Steve Munro was kind enough to comment on this blog's recent commentary on a post in his blog. Writes Steve:
The last time I went to the Gladstone, I waited for the Dufferin Bus southbound at Bloor for 20 minutes in the afternoon rush hour. Eventually, I got a ride from a friend who passed by in her car. So much for the reliability of bus service.
J. Albert - I'll agree that schedule reliability is low on the TTC. Both Bus and streetcar languish in the 55-65% range last time I checked the CGM reports. In contrast, the STM (Montreal's transit provider) achieves roughly 80% adherence - with performance improving from 78.9% in 2001 to 82.6% in 2004. (It should be noted that the STM uses a tighter tolerance: -1 min, + 3 min, compared with the +/- 3 minutes used for the TTC metrics.)
However, there is a distinction between TTC bus and streetcar service. The TTC actually tries to alleviate bunching problems by short turning cars. It's questionable whether - on the whole - this practice improves the service offering. You can just as easily customers by booting them off a vehicle as you can by making them wait. Yet the short turn is the only real tool the TTC has for adjusting service on streetcar routes.
Bus service can be more easily adjusted by allowing buses on busy routes to play 'hopscoth'. The STM has done this for years - allowing emptier buses to pass full ones on the same route. I've never seen this on the TTC - not to say that it doesn't happen.
It would be interesting to see statistics on more extreme deviations from schedule. How many times is it out by 5, 7, 10 minutes?
The problem with a lot of the streetcar service is that there isn't enough of it and what there is is poorly managed. Moreover, the streetcar routes took a disproportionate hit back in the 1990s during the system-wide cutbacks, and it's no surprise that people think bus routes are more reliable.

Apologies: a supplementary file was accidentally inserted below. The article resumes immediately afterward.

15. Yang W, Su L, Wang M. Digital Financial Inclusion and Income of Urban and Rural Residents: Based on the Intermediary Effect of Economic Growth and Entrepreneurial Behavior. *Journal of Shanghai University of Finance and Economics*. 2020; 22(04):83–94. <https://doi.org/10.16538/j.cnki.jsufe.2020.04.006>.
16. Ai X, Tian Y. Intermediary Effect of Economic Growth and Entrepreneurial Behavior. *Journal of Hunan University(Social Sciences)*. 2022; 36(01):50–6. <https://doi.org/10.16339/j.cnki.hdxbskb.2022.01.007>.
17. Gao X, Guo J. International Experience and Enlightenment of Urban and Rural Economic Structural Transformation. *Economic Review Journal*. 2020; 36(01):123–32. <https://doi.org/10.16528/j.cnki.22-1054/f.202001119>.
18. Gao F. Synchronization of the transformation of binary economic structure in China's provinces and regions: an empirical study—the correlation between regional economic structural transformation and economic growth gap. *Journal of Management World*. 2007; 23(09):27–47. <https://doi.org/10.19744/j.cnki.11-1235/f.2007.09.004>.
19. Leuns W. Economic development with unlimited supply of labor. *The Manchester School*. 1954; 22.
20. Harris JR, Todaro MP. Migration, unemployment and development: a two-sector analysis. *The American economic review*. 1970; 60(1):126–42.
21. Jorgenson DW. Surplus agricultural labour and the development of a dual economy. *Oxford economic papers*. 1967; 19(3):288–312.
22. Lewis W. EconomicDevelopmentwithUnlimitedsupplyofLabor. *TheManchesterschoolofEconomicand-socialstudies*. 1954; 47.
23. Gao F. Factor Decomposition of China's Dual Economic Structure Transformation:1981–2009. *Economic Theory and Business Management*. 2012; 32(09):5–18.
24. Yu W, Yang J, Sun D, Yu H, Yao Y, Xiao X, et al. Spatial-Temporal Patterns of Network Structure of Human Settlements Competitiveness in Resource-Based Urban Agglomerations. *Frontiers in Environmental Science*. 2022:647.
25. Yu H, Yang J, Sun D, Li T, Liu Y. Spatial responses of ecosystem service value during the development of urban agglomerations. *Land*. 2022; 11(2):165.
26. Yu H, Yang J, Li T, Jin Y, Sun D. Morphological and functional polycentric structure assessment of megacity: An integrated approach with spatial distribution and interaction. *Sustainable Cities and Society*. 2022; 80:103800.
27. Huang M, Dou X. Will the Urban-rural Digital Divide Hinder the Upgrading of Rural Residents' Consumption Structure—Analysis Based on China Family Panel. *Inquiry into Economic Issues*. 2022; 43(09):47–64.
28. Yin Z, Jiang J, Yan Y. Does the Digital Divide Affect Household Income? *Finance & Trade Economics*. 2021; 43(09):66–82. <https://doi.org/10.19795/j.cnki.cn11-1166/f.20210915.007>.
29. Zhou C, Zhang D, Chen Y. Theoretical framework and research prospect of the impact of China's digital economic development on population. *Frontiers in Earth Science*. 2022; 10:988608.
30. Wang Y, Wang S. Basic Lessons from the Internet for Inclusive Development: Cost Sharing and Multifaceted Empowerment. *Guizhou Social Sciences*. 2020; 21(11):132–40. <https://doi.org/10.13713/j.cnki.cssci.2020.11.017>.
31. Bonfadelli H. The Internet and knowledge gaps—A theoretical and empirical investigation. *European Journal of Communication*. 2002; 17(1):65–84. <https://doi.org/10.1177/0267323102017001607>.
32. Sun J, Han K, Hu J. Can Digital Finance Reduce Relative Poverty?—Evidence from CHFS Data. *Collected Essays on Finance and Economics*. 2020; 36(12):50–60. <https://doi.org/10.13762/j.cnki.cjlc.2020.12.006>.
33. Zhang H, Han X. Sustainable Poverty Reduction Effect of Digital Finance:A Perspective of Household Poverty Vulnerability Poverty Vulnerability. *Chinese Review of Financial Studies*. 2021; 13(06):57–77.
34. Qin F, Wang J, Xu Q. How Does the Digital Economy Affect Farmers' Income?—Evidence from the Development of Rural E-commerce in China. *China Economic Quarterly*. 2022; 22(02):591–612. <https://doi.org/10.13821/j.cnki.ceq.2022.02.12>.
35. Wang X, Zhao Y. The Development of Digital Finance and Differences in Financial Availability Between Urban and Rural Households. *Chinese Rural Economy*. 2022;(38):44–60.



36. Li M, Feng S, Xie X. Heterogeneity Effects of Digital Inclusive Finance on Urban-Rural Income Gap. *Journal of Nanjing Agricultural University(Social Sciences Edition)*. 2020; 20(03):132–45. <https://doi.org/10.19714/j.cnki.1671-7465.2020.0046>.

J. Albert - As a rider, I can't say that I wouldn't like more service. However, it seems to me that the economics dictate against a 'frequent service' model for streetcar/LRT service - both immediately, and long term. There's some debate about how much true spare factor the TTC has with the existing fleet. During PM rush, the streetcar yards on Queen E. are pretty sparse - but the garage is usually pretty full. Is the TTC holding back - or is it simply the case that the vehicles are in the shop?
In the longer term, the price tab for CLRV replacement appears to be about $4 million a pop ($3 million from earlier estimate + $1 million estimated for TTC required modifications. In contrast, the STM is acquiring buses (2003-2007 contract) at about $460,000 each. Like it or not, buses are mass produced and inexpensive - especially when very large orders are placed - wheras LRT vehicles are not.
When the TTC replaces streetcars with buses, there are always far more buses at closer headways than the streetcars they replaced. This is related to my concern about new larger streetcars where we may see headways stretched even further. It's the wait and the uncertainty that drives riders mad, and you can do that with buses as easily as with streetcars.
J. Albert - As I alluded to above, its plain economics that will push the TTC to longer headways with larger vehicles. My take is that the TTC should:
- decide which existing streetcar routes can be succesfully transitioned to be LRT routes
- this would involve realignment and lengthening of some routes and conversion to buses for others. Perhaps the TTC could swap some of its property to help make property acquisition more economical.
- an important objective of the realignment would be to allow the TTC to run standard LRT cars without major modifications. (The savings here would also provide a source of funding to pay for property aquisition.)